Jacki Weaver and Lucy Liu lead the ensemble of Stage Mother, a film that’s now playing in UK cinemas – and here’s our review.

This is a film with its heart very much in the right place. Jacki Weaver takes on the role of Maybelline, a woman living in Texas, supervising the church choir, and estranged from her son. In one of the more sombre openings of a feelgood movie, we see said son opening up a drag show in the San Francisco club he runs, and promptly dying. Not in the ‘that was a bad performance’ sense, either.

The club then ends up bestowed to Maybelline, who has to overcome prejudices (primarily of her husband) and travel to San Francisco to explore everything she missed out on. There, she encounters Nathan (Adrian Grenier) and Sienna (Lucy Liu), as she further discovers more of the life she never got to share with her child, and has to make some tough decisions as to what to do next.

Not that Stage Mother is a film with bountiful surprises up its sequinned sleeves. It far more prefers to follow the staple diet of the feelgood mother, yet it struggles to generate the emotional heft to effectively do so. Weaver is solid in the lead role, but her character’s obstacles never seem that dramatic. The sketched backgrounds of the club performers, meanwhile, allow her to do a bit of wand-waving, and try and find happier endings for some of them. It’s following a path you could naturally and confidently navigate if someone had switched all the lights out and twizzled you round a dozen times.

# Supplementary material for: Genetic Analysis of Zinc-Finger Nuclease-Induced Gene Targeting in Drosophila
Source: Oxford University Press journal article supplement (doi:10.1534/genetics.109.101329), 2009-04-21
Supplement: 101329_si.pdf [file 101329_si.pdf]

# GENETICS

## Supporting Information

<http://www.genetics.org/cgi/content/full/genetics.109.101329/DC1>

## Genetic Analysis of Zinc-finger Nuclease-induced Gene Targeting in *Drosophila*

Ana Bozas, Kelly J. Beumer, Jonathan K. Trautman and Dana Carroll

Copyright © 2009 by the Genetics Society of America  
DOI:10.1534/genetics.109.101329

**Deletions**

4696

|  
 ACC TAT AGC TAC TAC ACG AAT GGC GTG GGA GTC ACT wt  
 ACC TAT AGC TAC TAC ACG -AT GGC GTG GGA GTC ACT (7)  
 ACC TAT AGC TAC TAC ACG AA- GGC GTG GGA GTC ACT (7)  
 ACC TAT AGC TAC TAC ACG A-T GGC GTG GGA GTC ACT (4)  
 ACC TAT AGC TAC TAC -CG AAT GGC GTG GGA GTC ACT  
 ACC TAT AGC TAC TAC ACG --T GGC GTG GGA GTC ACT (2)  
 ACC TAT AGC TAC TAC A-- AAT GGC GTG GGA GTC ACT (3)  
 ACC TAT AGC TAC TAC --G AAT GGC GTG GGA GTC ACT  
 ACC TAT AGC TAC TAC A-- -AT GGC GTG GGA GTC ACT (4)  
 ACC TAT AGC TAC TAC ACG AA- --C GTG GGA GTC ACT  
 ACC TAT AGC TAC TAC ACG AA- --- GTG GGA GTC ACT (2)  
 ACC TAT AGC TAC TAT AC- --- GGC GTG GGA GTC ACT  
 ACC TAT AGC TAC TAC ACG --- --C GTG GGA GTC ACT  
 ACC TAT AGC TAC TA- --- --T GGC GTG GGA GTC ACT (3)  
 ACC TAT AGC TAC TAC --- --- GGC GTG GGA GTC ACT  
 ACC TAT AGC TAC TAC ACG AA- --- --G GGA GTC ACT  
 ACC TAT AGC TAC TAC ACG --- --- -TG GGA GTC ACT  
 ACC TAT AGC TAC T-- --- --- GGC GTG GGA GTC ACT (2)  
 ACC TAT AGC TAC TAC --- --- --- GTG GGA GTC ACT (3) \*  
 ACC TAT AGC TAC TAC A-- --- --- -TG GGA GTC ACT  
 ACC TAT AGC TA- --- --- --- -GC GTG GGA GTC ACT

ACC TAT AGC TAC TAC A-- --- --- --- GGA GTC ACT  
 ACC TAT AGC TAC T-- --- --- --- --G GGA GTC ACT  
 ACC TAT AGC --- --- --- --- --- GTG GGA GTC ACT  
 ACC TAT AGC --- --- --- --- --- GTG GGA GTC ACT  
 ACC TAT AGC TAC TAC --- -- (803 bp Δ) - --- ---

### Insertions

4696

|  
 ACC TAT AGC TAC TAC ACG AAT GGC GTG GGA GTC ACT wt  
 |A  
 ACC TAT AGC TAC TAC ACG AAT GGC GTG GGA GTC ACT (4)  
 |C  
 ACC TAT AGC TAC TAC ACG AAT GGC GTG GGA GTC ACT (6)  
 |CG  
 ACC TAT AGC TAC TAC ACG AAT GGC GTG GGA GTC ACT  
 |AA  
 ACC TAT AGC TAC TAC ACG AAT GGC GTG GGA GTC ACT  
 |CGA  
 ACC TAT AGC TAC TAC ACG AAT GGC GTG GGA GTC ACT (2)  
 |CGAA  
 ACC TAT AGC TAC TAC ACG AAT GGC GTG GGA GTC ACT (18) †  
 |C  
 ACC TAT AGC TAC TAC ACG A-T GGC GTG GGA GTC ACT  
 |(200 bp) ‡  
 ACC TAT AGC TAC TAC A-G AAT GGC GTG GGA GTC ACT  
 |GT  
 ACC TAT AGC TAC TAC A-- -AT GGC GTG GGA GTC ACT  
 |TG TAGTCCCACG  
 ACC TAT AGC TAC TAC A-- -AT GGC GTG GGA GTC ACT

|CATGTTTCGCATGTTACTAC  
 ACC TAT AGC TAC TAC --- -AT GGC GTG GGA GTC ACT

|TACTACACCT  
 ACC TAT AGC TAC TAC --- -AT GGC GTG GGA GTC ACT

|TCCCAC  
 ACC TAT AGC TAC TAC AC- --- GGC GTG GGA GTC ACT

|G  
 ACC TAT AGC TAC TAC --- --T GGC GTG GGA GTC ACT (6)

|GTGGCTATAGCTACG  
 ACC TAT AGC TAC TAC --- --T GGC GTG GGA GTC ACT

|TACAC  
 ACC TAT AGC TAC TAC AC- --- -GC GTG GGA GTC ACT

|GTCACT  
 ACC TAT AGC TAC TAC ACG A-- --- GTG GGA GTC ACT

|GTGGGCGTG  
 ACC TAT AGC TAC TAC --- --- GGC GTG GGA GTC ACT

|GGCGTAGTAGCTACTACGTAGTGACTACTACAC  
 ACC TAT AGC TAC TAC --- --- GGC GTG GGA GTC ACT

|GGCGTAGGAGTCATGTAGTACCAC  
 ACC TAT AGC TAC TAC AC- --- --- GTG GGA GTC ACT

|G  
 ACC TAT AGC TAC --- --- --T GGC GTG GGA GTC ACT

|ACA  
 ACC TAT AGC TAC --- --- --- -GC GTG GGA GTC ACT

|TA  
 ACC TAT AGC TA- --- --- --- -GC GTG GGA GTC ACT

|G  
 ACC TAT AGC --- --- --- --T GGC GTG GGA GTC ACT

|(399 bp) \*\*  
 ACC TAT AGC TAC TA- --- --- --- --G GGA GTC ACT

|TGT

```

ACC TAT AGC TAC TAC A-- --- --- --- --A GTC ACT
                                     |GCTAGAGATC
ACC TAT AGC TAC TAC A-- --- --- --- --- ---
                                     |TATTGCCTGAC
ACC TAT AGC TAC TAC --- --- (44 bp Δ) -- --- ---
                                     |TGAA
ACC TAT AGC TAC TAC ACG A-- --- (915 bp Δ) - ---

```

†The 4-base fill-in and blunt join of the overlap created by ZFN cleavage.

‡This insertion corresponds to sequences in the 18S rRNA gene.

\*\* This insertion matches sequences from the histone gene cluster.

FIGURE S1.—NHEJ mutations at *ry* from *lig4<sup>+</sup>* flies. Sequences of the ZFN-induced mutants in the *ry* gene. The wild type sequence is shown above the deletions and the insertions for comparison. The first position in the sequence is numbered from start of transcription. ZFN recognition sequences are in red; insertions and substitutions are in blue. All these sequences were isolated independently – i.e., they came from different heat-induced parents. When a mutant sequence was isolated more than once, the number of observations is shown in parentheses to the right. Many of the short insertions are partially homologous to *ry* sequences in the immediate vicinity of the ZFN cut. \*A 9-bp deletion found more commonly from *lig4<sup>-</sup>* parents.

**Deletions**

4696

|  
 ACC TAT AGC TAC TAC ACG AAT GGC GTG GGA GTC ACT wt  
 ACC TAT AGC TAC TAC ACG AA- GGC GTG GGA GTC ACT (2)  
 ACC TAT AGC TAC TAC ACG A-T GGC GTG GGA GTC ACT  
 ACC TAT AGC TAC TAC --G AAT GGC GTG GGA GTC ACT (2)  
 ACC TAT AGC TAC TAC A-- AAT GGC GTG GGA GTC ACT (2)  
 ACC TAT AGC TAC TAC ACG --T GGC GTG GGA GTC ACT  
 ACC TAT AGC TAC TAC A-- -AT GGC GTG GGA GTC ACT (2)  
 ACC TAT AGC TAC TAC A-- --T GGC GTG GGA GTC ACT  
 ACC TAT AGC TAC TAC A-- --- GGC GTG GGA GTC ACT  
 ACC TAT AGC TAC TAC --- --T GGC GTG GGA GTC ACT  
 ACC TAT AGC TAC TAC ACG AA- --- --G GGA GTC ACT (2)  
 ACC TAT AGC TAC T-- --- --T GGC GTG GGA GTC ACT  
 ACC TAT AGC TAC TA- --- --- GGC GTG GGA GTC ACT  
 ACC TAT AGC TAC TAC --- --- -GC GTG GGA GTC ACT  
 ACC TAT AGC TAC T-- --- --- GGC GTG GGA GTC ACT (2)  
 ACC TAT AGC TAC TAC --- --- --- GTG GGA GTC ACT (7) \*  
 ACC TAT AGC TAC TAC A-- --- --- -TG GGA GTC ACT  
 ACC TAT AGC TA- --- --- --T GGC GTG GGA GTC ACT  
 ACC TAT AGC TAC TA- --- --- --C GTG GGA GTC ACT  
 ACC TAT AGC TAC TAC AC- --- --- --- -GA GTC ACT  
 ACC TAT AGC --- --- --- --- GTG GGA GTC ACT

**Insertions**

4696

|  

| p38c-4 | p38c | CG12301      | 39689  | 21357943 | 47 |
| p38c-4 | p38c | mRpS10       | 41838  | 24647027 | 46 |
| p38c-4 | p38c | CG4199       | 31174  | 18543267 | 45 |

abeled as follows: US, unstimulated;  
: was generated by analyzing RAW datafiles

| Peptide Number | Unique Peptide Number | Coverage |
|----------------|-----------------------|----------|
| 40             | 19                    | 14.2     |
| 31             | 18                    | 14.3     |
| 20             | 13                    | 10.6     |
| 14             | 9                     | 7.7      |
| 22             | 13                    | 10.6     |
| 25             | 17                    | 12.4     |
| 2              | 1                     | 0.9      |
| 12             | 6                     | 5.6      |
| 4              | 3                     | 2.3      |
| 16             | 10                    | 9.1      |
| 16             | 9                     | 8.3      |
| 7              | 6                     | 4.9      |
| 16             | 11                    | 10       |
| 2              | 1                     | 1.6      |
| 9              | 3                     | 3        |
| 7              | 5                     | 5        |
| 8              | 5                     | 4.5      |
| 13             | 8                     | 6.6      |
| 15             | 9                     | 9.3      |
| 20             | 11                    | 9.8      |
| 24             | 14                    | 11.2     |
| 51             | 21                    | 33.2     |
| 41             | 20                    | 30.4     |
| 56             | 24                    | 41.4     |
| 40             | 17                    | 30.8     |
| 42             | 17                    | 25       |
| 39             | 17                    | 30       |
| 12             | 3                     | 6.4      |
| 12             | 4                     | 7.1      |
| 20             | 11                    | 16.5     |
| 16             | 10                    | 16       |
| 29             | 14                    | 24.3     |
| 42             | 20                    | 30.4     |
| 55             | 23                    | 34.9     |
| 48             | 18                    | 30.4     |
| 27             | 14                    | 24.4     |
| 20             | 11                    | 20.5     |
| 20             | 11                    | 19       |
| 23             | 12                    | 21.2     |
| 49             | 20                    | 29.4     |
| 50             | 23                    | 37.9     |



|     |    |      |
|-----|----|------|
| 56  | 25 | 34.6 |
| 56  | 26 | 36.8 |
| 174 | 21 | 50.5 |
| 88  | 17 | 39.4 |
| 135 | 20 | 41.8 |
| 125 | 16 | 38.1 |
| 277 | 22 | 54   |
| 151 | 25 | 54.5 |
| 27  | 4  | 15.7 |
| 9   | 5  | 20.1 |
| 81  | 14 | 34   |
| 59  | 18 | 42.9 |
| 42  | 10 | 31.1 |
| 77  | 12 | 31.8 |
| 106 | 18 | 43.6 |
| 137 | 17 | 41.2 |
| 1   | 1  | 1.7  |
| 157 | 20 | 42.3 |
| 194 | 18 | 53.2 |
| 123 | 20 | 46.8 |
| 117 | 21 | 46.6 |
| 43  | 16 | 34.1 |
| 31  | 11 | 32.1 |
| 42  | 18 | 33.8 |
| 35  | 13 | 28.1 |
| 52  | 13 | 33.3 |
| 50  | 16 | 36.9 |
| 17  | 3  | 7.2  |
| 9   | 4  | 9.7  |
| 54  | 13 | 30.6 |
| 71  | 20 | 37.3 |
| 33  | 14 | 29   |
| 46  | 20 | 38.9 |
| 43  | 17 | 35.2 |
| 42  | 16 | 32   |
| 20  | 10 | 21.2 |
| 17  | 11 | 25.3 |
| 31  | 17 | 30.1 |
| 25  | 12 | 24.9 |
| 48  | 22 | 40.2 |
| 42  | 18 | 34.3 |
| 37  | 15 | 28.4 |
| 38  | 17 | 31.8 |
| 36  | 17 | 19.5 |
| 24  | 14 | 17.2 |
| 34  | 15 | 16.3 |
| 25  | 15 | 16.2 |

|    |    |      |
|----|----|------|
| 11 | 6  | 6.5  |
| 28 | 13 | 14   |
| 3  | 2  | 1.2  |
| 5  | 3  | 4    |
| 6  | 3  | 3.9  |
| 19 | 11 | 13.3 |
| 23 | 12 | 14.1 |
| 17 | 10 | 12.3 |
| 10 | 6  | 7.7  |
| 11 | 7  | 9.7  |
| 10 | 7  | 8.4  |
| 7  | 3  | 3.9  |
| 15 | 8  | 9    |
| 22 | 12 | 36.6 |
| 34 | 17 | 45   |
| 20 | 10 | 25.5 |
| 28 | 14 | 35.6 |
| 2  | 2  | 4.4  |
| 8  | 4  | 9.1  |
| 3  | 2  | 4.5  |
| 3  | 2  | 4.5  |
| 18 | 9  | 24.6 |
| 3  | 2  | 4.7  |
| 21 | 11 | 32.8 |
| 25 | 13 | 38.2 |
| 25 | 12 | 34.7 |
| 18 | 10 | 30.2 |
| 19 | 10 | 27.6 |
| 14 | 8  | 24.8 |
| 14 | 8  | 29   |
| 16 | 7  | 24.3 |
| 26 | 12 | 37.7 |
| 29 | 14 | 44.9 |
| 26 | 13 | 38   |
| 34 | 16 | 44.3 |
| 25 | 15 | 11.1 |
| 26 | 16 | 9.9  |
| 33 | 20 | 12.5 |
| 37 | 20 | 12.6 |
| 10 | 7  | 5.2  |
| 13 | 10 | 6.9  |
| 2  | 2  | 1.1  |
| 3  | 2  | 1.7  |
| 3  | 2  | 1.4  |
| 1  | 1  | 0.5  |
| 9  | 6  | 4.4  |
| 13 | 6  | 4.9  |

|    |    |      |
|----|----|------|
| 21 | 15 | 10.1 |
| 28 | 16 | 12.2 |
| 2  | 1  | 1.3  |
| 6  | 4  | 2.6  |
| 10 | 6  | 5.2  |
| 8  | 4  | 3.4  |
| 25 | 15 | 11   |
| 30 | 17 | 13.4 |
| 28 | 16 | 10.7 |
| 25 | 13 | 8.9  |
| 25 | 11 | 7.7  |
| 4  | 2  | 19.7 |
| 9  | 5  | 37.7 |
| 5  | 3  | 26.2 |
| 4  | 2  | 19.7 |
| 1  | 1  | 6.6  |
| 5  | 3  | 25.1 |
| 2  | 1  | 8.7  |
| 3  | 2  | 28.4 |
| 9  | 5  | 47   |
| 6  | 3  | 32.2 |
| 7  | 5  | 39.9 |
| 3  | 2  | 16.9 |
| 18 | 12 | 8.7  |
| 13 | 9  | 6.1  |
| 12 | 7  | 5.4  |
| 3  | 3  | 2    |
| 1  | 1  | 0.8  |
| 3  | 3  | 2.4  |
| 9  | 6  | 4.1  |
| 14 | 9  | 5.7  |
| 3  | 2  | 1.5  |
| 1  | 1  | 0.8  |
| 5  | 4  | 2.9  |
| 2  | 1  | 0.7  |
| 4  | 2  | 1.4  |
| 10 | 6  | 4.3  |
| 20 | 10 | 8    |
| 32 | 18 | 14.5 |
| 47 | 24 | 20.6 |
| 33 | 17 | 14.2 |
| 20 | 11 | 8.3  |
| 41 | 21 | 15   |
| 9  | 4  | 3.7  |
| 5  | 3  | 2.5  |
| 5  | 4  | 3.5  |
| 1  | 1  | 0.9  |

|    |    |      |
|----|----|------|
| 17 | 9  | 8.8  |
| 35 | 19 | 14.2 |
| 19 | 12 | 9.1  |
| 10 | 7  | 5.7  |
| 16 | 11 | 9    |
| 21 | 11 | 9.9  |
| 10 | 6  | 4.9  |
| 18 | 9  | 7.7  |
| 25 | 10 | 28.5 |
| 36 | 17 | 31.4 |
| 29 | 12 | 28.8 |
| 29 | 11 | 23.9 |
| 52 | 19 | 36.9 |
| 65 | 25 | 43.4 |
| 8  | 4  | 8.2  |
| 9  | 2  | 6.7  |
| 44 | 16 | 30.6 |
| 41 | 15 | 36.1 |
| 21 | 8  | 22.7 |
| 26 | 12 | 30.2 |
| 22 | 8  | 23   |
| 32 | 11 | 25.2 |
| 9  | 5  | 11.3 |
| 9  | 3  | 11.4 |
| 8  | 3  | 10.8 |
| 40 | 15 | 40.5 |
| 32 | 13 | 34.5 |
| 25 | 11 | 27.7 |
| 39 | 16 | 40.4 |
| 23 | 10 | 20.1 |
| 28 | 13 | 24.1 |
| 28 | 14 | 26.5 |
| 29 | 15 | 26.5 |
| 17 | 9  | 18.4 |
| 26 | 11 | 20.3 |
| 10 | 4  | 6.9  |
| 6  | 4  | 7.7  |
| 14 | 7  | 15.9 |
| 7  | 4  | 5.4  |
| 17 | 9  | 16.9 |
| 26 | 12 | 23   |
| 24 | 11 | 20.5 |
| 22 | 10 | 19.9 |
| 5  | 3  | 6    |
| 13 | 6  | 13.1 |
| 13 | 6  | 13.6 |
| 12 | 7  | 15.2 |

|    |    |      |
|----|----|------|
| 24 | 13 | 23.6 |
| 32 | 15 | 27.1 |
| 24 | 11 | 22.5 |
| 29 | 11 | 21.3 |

Sadly, the pizzazz of the movie is a little on the light side too. The big shows in the club are, it feels, hostages to a limited budget. The staging of them just feels a little basic, which is in keeping with the original foundations of the club, but as things build, the shows don’t come across as shot and presented in that imaginative a way. It’s hard not to recall just how compelling The Adventures Of Priscilla Queen Of The Desert was, also on a shoestring budget, whilst sitting watching this movie.

It’s a perfectly decent film at its heart, and hard to dislike (not that I felt compelled to try particularly hard). Furthermore, Jackie Beat makes a welcome and memorable cameo appearance, and its running time is a welcome and sprightly 93 minutes.

Still, it all feels, well, a bit flat really. A film I found myself willing to be better than it ultimately turned out to be.

Out now on DVD & Digital from Altitude Film Entertainment

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